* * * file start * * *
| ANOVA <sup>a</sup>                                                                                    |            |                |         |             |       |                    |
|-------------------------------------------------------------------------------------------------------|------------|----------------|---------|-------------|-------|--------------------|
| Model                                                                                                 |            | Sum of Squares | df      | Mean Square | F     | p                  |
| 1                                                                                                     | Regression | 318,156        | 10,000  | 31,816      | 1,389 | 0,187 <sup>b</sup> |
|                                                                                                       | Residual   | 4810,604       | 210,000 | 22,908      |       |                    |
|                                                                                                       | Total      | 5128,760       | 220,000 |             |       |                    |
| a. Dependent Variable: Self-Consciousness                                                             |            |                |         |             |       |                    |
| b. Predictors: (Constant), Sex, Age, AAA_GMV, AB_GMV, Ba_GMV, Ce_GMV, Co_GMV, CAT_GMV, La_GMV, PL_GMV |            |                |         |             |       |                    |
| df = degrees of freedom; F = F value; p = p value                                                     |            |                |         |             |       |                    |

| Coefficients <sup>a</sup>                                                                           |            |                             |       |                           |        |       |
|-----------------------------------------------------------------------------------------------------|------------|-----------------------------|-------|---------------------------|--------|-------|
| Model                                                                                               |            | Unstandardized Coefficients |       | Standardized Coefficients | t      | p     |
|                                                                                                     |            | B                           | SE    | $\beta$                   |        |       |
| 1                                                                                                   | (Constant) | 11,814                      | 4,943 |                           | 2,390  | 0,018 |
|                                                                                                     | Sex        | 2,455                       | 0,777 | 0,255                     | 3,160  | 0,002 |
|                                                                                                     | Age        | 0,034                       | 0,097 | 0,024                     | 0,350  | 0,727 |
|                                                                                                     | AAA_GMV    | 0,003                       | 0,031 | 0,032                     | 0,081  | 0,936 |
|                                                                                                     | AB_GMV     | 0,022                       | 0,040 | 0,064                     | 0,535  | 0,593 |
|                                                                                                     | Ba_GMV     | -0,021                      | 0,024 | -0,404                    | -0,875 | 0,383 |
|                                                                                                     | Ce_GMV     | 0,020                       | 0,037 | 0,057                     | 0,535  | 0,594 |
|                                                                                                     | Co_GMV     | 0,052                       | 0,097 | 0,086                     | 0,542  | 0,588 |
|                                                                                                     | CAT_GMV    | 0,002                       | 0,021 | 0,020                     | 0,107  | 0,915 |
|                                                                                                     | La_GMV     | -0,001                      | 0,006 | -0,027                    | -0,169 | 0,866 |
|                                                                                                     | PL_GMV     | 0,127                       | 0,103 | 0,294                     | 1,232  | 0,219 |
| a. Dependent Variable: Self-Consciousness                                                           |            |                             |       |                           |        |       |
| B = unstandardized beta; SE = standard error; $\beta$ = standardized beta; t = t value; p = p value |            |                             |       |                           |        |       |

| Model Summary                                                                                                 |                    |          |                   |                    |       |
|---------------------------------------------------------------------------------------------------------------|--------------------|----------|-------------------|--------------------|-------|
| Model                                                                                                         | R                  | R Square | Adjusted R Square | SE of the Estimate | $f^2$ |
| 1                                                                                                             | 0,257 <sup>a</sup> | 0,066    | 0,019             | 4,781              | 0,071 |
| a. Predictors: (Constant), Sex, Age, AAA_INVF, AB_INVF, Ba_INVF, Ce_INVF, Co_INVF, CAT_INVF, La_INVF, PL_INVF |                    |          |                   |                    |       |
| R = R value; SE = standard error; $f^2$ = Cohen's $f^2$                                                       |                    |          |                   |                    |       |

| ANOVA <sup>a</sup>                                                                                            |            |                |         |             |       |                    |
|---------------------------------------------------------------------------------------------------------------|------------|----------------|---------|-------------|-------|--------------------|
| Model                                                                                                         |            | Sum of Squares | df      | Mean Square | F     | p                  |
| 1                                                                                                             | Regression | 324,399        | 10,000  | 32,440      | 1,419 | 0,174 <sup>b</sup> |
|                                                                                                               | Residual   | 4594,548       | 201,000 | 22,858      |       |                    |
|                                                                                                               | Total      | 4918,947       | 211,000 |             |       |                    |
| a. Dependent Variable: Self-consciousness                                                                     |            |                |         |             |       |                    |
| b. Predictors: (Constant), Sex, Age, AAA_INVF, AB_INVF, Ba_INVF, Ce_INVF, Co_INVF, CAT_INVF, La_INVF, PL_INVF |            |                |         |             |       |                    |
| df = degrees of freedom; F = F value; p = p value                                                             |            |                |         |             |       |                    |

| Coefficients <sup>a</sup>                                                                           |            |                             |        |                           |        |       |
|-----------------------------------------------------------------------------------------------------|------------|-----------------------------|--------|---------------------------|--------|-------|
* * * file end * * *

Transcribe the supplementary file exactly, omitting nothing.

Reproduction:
| ANOVA <sup>a</sup>                                                                                    |            |                |         |             |       |                    |
|-------------------------------------------------------------------------------------------------------|------------|----------------|---------|-------------|-------|--------------------|
| Model                                                                                                 |            | Sum of Squares | df      | Mean Square | F     | p                  |
| 1                                                                                                     | Regression | 318,156        | 10,000  | 31,816      | 1,389 | 0,187 <sup>b</sup> |
|                                                                                                       | Residual   | 4810,604       | 210,000 | 22,908      |       |                    |
|                                                                                                       | Total      | 5128,760       | 220,000 |             |       |                    |
| a. Dependent Variable: Self-Consciousness                                                             |            |                |         |             |       |                    |
| b. Predictors: (Constant), Sex, Age, AAA_GMV, AB_GMV, Ba_GMV, Ce_GMV, Co_GMV, CAT_GMV, La_GMV, PL_GMV |            |                |         |             |       |                    |
| df = degrees of freedom; F = F value; p = p value                                                     |            |                |         |             |       |                    |

| Coefficients <sup>a</sup>                                                                           |            |                             |       |                           |        |       |
|-----------------------------------------------------------------------------------------------------|------------|-----------------------------|-------|---------------------------|--------|-------|
| Model                                                                                               |            | Unstandardized Coefficients |       | Standardized Coefficients | t      | p     |
|                                                                                                     |            | B                           | SE    | $\beta$                   |        |       |
| 1                                                                                                   | (Constant) | 11,814                      | 4,943 |                           | 2,390  | 0,018 |
|                                                                                                     | Sex        | 2,455                       | 0,777 | 0,255                     | 3,160  | 0,002 |
|                                                                                                     | Age        | 0,034                       | 0,097 | 0,024                     | 0,350  | 0,727 |
|                                                                                                     | AAA_GMV    | 0,003                       | 0,031 | 0,032                     | 0,081  | 0,936 |
|                                                                                                     | AB_GMV     | 0,022                       | 0,040 | 0,064                     | 0,535  | 0,593 |
|                                                                                                     | Ba_GMV     | -0,021                      | 0,024 | -0,404                    | -0,875 | 0,383 |
|                                                                                                     | Ce_GMV     | 0,020                       | 0,037 | 0,057                     | 0,535  | 0,594 |
|                                                                                                     | Co_GMV     | 0,052                       | 0,097 | 0,086                     | 0,542  | 0,588 |
|                                                                                                     | CAT_GMV    | 0,002                       | 0,021 | 0,020                     | 0,107  | 0,915 |
|                                                                                                     | La_GMV     | -0,001                      | 0,006 | -0,027                    | -0,169 | 0,866 |
|                                                                                                     | PL_GMV     | 0,127                       | 0,103 | 0,294                     | 1,232  | 0,219 |
| a. Dependent Variable: Self-Consciousness                                                           |            |                             |       |                           |        |       |
| B = unstandardized beta; SE = standard error; $\beta$ = standardized beta; t = t value; p = p value |            |                             |       |                           |        |       |

| Model Summary                                                                                                 |                    |          |                   |                    |       |
|---------------------------------------------------------------------------------------------------------------|--------------------|----------|-------------------|--------------------|-------|
| Model                                                                                                         | R                  | R Square | Adjusted R Square | SE of the Estimate | $f^2$ |
| 1                                                                                                             | 0,257 <sup>a</sup> | 0,066    | 0,019             | 4,781              | 0,071 |
| a. Predictors: (Constant), Sex, Age, AAA_INVF, AB_INVF, Ba_INVF, Ce_INVF, Co_INVF, CAT_INVF, La_INVF, PL_INVF |                    |          |                   |                    |       |
| R = R value; SE = standard error; $f^2$ = Cohen's $f^2$                                                       |                    |          |                   |                    |       |

| ANOVA <sup>a</sup>                                                                                            |            |                |         |             |       |                    |
|---------------------------------------------------------------------------------------------------------------|------------|----------------|---------|-------------|-------|--------------------|
| Model                                                                                                         |            | Sum of Squares | df      | Mean Square | F     | p                  |
| 1                                                                                                             | Regression | 324,399        | 10,000  | 32,440      | 1,419 | 0,174 <sup>b</sup> |
|                                                                                                               | Residual   | 4594,548       | 201,000 | 22,858      |       |                    |
|                                                                                                               | Total      | 4918,947       | 211,000 |             |       |                    |
| a. Dependent Variable: Self-consciousness                                                                     |            |                |         |             |       |                    |
| b. Predictors: (Constant), Sex, Age, AAA_INVF, AB_INVF, Ba_INVF, Ce_INVF, Co_INVF, CAT_INVF, La_INVF, PL_INVF |            |                |         |             |       |                    |
| df = degrees of freedom; F = F value; p = p value                                                             |            |                |         |             |       |                    |

| Coefficients <sup>a</sup>                                                                           |            |                             |        |                           |        |       |
|-----------------------------------------------------------------------------------------------------|------------|-----------------------------|--------|---------------------------|--------|-------|